Those adult inmates responsible for us, including Jindřich Flusser and Gustav Schiller, ensured that a constructive atmosphere flourished in Block 66.

After some months, my health deteriorated to such an extent that I was at the death’s door. On Antonin Kalina’s initiative and with the help of my brother, I was moved to the camp's infirmary with the hope that I might recover. This is my last opportunity to thank that bespectacled Polish inmate lying next to me, whose name I no longer can recall. He took me under his wing and offered me hope and strength to keep fighting for my life. To my amazement, after a few days I was moved to the camp’s brothel along with other sick people. I was astounded at how luxurious it was and how beautiful and well-groomed the women were.

I hadn't laid eyes on such beauties in years. I felt as though I had entered the Garden of Eden. I was hugged, I was heartily encouraged, and I was medically examined in a professional way. I got better food, even chocolate !!!

I take this opportunity to thank those wonderful women who were also camp inmates and who were forced to work in that place. They devoted themselves to my recovery and ultimately saved my life. May their memory be a blessing. I was liberated while I was still in the camp’s brothel. That was on 11 April 1945 toward midday. Gunshots and cheers were to be heard on the parade ground. Prisoners left their barracks and chased the SS agents out of the camp.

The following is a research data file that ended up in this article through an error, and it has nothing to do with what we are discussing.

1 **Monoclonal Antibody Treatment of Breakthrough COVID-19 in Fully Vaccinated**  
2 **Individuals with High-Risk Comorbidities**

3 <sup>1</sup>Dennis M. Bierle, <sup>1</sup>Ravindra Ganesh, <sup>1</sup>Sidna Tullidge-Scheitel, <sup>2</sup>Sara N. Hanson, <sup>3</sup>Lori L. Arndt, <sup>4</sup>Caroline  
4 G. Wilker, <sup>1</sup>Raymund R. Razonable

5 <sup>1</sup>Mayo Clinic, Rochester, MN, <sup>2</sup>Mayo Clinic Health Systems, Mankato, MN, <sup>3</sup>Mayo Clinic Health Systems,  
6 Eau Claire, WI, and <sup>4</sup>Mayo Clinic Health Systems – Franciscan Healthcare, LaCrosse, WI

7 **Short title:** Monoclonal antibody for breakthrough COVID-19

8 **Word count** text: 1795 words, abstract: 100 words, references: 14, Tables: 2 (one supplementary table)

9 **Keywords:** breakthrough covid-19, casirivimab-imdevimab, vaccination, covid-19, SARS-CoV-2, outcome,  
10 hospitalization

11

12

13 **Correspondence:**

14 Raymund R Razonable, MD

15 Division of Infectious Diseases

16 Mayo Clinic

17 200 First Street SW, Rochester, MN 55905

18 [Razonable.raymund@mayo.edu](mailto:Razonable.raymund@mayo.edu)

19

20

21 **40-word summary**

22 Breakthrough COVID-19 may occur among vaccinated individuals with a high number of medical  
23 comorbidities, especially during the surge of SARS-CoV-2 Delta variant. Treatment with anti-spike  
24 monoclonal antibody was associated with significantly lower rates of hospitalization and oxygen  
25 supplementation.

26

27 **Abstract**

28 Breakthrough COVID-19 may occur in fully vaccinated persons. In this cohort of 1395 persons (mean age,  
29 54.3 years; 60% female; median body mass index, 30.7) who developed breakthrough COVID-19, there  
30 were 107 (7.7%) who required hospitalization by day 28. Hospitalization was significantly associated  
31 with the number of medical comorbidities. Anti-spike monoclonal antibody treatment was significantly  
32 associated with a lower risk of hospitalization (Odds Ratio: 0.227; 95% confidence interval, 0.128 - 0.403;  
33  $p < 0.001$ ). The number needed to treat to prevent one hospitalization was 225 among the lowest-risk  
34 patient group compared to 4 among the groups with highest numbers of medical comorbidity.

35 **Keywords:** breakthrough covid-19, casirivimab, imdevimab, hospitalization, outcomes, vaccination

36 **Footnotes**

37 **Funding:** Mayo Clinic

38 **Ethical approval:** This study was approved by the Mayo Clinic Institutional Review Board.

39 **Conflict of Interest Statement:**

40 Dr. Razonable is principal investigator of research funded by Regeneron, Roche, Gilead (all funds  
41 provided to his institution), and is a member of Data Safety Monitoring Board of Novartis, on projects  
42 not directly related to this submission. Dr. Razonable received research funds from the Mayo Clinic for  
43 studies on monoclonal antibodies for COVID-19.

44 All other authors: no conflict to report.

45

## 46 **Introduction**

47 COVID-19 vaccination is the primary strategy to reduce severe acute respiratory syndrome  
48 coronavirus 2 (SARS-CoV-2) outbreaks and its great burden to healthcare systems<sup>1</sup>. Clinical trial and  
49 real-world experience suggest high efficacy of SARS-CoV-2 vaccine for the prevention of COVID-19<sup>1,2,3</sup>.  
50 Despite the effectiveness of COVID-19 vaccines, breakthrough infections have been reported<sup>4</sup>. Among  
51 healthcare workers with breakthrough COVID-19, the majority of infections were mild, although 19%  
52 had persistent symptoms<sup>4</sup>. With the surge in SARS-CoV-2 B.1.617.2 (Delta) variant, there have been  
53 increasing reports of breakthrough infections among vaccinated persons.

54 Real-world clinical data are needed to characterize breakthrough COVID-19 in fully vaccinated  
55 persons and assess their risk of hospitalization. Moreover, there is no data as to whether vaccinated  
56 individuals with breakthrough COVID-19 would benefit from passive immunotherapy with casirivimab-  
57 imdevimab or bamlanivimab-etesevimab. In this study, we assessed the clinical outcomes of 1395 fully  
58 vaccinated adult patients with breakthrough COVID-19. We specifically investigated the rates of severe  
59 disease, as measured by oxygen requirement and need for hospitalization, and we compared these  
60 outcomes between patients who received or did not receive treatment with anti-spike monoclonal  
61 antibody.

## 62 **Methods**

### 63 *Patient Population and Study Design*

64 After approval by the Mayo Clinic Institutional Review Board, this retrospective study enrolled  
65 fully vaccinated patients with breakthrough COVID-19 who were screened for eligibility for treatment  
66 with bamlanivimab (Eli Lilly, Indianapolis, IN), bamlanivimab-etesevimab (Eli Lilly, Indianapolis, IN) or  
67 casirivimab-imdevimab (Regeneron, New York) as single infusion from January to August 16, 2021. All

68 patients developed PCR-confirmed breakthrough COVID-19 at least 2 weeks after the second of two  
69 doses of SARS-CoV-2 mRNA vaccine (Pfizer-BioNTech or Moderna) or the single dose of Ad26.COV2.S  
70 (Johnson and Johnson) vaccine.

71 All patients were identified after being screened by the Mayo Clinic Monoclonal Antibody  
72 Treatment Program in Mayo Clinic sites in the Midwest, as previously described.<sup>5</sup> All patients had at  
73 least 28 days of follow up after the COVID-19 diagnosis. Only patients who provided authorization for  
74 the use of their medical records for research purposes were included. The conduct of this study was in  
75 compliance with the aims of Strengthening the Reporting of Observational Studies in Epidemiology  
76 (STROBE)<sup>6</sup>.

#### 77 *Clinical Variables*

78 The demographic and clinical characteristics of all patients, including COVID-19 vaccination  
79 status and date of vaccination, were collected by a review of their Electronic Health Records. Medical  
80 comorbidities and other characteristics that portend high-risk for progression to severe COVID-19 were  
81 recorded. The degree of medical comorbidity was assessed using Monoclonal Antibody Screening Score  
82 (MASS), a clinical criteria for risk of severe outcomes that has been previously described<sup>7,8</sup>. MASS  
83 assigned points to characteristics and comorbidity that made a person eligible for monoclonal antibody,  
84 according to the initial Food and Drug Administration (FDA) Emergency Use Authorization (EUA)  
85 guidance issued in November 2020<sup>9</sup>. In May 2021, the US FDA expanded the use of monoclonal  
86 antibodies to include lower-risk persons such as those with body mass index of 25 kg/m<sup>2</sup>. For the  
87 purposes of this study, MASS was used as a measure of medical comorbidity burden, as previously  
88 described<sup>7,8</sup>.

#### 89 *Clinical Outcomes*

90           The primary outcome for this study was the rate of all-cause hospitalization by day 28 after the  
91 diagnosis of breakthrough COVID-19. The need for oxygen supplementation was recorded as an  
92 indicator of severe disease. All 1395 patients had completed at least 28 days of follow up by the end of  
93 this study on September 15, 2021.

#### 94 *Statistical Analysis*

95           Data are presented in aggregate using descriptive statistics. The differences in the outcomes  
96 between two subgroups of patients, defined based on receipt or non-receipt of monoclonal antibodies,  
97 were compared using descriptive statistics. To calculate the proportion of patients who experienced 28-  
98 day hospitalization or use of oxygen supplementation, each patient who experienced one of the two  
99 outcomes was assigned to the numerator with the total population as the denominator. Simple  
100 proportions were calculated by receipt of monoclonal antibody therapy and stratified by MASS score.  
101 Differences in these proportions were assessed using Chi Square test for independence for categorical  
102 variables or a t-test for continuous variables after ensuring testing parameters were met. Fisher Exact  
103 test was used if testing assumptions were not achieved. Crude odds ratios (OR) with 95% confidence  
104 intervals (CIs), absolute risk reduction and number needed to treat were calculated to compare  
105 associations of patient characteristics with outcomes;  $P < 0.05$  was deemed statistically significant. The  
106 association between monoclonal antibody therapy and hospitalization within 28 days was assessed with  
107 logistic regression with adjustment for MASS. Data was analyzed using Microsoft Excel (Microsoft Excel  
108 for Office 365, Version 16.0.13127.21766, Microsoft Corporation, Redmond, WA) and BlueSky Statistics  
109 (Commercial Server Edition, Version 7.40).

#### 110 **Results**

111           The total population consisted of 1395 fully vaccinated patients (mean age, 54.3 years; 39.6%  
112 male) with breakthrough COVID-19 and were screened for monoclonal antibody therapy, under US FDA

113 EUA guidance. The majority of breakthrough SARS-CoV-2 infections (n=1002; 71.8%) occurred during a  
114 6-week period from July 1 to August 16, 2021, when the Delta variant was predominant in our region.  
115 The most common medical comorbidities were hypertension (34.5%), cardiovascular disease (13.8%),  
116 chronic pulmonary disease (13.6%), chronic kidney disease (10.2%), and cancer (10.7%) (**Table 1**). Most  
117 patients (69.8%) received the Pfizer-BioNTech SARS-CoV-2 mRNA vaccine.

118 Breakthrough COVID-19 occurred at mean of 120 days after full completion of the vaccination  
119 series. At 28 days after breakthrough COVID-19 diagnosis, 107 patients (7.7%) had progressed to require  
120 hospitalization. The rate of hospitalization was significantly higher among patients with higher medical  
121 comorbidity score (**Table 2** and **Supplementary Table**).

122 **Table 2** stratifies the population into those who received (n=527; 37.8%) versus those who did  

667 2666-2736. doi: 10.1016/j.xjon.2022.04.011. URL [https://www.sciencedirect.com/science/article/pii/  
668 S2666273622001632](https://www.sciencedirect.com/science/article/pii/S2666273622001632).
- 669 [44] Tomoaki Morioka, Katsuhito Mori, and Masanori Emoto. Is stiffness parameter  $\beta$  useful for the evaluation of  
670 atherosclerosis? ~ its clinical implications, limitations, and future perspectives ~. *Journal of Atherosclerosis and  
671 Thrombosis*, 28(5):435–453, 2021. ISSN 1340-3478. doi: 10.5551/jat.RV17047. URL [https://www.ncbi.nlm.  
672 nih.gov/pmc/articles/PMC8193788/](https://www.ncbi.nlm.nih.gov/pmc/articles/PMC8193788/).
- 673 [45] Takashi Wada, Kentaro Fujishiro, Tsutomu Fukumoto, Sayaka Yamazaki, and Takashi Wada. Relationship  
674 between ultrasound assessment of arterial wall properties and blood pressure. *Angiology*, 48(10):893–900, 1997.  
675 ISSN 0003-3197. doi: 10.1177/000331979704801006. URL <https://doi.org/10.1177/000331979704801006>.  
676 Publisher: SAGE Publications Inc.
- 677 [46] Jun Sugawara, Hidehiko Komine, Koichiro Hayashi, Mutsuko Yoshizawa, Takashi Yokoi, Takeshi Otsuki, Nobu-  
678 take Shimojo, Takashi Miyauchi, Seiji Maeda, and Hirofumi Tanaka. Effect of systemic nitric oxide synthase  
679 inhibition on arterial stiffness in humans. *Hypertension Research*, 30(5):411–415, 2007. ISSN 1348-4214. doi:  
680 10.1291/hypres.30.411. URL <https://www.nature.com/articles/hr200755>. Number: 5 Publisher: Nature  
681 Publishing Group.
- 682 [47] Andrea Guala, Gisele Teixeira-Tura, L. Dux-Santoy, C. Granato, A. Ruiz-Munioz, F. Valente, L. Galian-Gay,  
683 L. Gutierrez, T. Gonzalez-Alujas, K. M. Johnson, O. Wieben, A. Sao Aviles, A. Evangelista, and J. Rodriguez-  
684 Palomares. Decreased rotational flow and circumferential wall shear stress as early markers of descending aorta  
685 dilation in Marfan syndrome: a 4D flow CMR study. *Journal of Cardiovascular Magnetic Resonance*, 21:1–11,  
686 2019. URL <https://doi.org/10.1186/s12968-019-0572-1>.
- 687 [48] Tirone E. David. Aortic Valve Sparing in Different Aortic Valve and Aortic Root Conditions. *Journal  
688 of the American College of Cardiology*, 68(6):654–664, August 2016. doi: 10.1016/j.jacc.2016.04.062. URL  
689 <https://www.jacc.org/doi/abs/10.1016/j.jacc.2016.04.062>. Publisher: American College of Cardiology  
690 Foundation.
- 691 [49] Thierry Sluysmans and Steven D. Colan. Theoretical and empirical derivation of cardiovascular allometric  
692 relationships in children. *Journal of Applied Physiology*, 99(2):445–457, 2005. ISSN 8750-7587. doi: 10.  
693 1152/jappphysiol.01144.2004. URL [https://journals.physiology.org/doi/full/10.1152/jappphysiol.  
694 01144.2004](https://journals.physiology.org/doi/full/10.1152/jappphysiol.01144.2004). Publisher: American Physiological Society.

The Buchenwald concentration camp was liberated by the prisoners themselves, members of the ardent resistance organization that had existed there since 1937, in fact ever since the camp had been established. The Allies, GIs from Patton’s Third Army, reached Buchenwald and officially liberated the concentration camp at 15.15.

In 2005, sixty years later, I returned for the first time to Germany and to the Buchenwald camp. It was an over-powering experience. I had intensely mixed feelings. Grief mingled with joy that I had been fortunate enough to survive. I met friends, former prisoners. I got to know the large and committed team who have been working at the memorial site with great care, knowledge, and dedication. Given that contact with former prisoners is so vital to them, we have been getting together on the anniversary of the camp’s liberation on an annual basis. Their remit is to collect and archive historical documents and artefacts from the camp’s past.

The memorial management staff concern have been devoted to the conservation and the transfer of knowledge about all that unfolded in Buchenwald and its sub-camps between 1937 and 1945. The ultimate objective is to preserve the memory of what happened and not let it be forgotten. Indeed, delegations from memorial sites from all over the world, as well as students and individual visitors have been coming to the site.

Finally, I would like to thank all the Buchenwald staff members, beginning with the management team Prof. Volkhard Knigge, Rikola-Gunnar Lüttgenau, and Dr. Philipp Neumann-Thein, the historians, the educators, the archive staff, the restorers, all those who have worked at the memorial site in the past and those who continue to do so today, who give of their time and energy for this noble objective.

Many thanks to the International Buchenwald Committe who represent us and bring us together.

A special word of thanks to the Thuringian state government, which has supported the commemorative work in the former Buchenwald concentration camp in every respect and continues to do so.

I would also like to take this opportunity to personally congratulate Minister President Bodo Ramelow on his successful re-election.

Your success is our success.

Naftali Fürst, Haifa

Naftali Fürst at the opening of the new permanent exhibition on the history of Buchenwald concentration camp, 15 April 2016